The Feds have gotten a suburban sex club operator the same way they got Al Capone.
On tax charges.
Here’s the press release.
OWNER OF SUBURBAN ADULT ENTERTAINMENT CLUBS SENTENCED TO 12 MONTHS IN JAIL AND SIX MONTHS HOME CONFINEMENT FOR FEDERAL TAX OFFENSES
CHICAGO — A Libertyville man who diverted more than $12 million in cash from three adult entertainment clubs he owned and operated in Chicago suburbs was sentenced to serve 18 months in confinement for obstructing the Internal Revenue Service and filing a false individual income tax return to impede the collection of federal taxes, Patrick J. Fitzgerald, United States Attorney for the Northern District of Illinois, and Alvin Patton, Special Agent in Charge of the Internal Revenue Service Criminal Investigation Division in Chicago, announced today.
The defendant, Michael G. Wellek, was charged in a two-count criminal information filed in U.S. District Court in October, 2010, and pled guilty last fall to one count of obstructing the IRS in the collection of taxes and one count of filing a false federal income tax return for 2000.
Wellek was the owner and operator of three “gentleman’s” clubs:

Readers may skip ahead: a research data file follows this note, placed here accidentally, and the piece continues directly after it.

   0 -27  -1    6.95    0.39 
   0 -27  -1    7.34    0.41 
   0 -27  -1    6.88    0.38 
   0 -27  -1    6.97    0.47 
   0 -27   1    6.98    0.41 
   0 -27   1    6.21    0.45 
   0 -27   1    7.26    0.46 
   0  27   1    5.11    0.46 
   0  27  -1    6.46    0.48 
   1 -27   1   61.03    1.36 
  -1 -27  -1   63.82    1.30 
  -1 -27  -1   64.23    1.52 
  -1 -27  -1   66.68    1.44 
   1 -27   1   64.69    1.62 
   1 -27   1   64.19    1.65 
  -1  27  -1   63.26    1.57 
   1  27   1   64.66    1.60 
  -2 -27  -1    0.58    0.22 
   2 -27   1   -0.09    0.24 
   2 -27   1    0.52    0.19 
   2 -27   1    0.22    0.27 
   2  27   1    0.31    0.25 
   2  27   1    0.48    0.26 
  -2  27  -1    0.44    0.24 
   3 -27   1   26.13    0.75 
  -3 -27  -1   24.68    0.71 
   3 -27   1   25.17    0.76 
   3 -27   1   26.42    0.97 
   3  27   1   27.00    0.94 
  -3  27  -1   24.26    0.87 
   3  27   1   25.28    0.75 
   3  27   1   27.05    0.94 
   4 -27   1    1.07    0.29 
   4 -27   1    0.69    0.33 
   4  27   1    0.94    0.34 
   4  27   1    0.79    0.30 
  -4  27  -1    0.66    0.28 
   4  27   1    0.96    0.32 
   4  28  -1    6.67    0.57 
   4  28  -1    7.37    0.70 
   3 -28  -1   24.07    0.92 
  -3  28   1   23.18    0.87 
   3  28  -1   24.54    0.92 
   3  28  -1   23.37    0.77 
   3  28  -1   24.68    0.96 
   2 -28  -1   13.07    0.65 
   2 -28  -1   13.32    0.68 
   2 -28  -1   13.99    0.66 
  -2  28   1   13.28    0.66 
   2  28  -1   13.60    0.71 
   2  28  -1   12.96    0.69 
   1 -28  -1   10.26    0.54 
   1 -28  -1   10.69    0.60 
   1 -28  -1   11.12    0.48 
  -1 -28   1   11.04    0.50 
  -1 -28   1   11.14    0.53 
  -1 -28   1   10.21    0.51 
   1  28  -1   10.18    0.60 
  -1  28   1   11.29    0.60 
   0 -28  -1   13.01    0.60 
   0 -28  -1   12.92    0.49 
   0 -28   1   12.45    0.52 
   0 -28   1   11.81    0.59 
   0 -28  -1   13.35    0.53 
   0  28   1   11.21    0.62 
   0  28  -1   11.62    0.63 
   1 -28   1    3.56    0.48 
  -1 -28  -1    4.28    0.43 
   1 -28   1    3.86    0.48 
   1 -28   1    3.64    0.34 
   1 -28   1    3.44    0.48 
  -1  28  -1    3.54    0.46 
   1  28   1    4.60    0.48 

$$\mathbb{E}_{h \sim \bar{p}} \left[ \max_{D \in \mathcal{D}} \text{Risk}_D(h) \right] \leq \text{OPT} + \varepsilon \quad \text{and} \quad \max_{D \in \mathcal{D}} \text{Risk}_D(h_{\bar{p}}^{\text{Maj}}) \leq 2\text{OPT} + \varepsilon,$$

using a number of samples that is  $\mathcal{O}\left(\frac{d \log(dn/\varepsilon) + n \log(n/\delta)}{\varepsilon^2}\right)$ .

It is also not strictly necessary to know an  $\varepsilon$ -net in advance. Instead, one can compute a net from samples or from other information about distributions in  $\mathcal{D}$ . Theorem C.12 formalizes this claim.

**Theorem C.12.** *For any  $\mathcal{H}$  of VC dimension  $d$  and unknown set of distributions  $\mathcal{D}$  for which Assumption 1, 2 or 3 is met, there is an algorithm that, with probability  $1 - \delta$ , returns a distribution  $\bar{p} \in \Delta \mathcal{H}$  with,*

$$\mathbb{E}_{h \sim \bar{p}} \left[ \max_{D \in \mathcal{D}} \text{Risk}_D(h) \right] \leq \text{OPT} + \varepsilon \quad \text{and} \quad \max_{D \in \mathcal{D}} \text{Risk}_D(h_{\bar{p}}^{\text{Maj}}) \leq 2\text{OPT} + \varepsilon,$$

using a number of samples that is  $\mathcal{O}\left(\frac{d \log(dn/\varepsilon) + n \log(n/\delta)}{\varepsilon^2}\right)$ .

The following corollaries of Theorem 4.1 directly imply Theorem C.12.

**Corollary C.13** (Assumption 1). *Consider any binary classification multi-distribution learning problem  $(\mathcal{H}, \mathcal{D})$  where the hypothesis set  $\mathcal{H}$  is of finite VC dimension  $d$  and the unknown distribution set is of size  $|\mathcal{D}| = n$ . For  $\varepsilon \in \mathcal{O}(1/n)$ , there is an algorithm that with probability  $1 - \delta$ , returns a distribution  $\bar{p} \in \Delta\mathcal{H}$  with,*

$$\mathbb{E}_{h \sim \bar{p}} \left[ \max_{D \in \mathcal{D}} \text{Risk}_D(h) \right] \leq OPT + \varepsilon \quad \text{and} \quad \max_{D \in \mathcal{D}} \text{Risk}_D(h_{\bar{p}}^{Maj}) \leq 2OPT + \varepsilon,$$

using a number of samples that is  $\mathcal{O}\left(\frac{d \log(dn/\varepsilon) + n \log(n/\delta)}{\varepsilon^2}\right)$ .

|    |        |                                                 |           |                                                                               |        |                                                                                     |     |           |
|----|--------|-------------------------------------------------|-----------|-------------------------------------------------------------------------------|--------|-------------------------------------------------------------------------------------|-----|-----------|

- Heavenly Bodies in Elk Grove Village
- Skybox in Harvey
- Cowboys in Markham
In May 2003, IRS agents seized approximately $12 million in cash from a warehouse in Elk Grove Village where Wellek conducted business.
The cash was stored in bags marked with a date and location indicating from which adult club the cash was earned. Operating the businesses as sole proprietorships, Wellek was required to report their gross income and expenses on self-employment schedules attached to his federal income tax returns, and include their net income in calculating his annual individual gross income, taxable income and income tax.
According to the charges, from 1989 through 1999, Wellek did not file any personal income tax returns despite operating profitable businesses that generated substantial taxable income.
Between February 2000 and May 2003, Wellek endeavored to obstruct and impede the IRS in collecting taxes on his business income. Specifically, between February 2000 and October 2002, Wellek engaged in a pattern of false and misleading conduct, including making false representations about his assets and income, to obstruct and impede an IRS audit for the tax years 1989 through 1999.
Wellek was ordered to begin serving the sentence on June, 1, by District Judge Joan H. Lefkow. Under the terms of the sentence, Wellek will serve 12 months in the custody of the Bureau of Prisons, followed by 6 months home confinement in combination with one year of supervised release. Judge Lefkow also ordered Wellek to pay a fine of $75,000 and perform 200 hours of community service. Taxes owed to the United States Government have been paid.
Judge Lefkow noted the importance of deterring other people from committing tax offenses in imposing the sentence.
The government was represented by Assistant U.S. Attorney Patrick King.
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The Tribune reports Wallek is cooperating with authorities.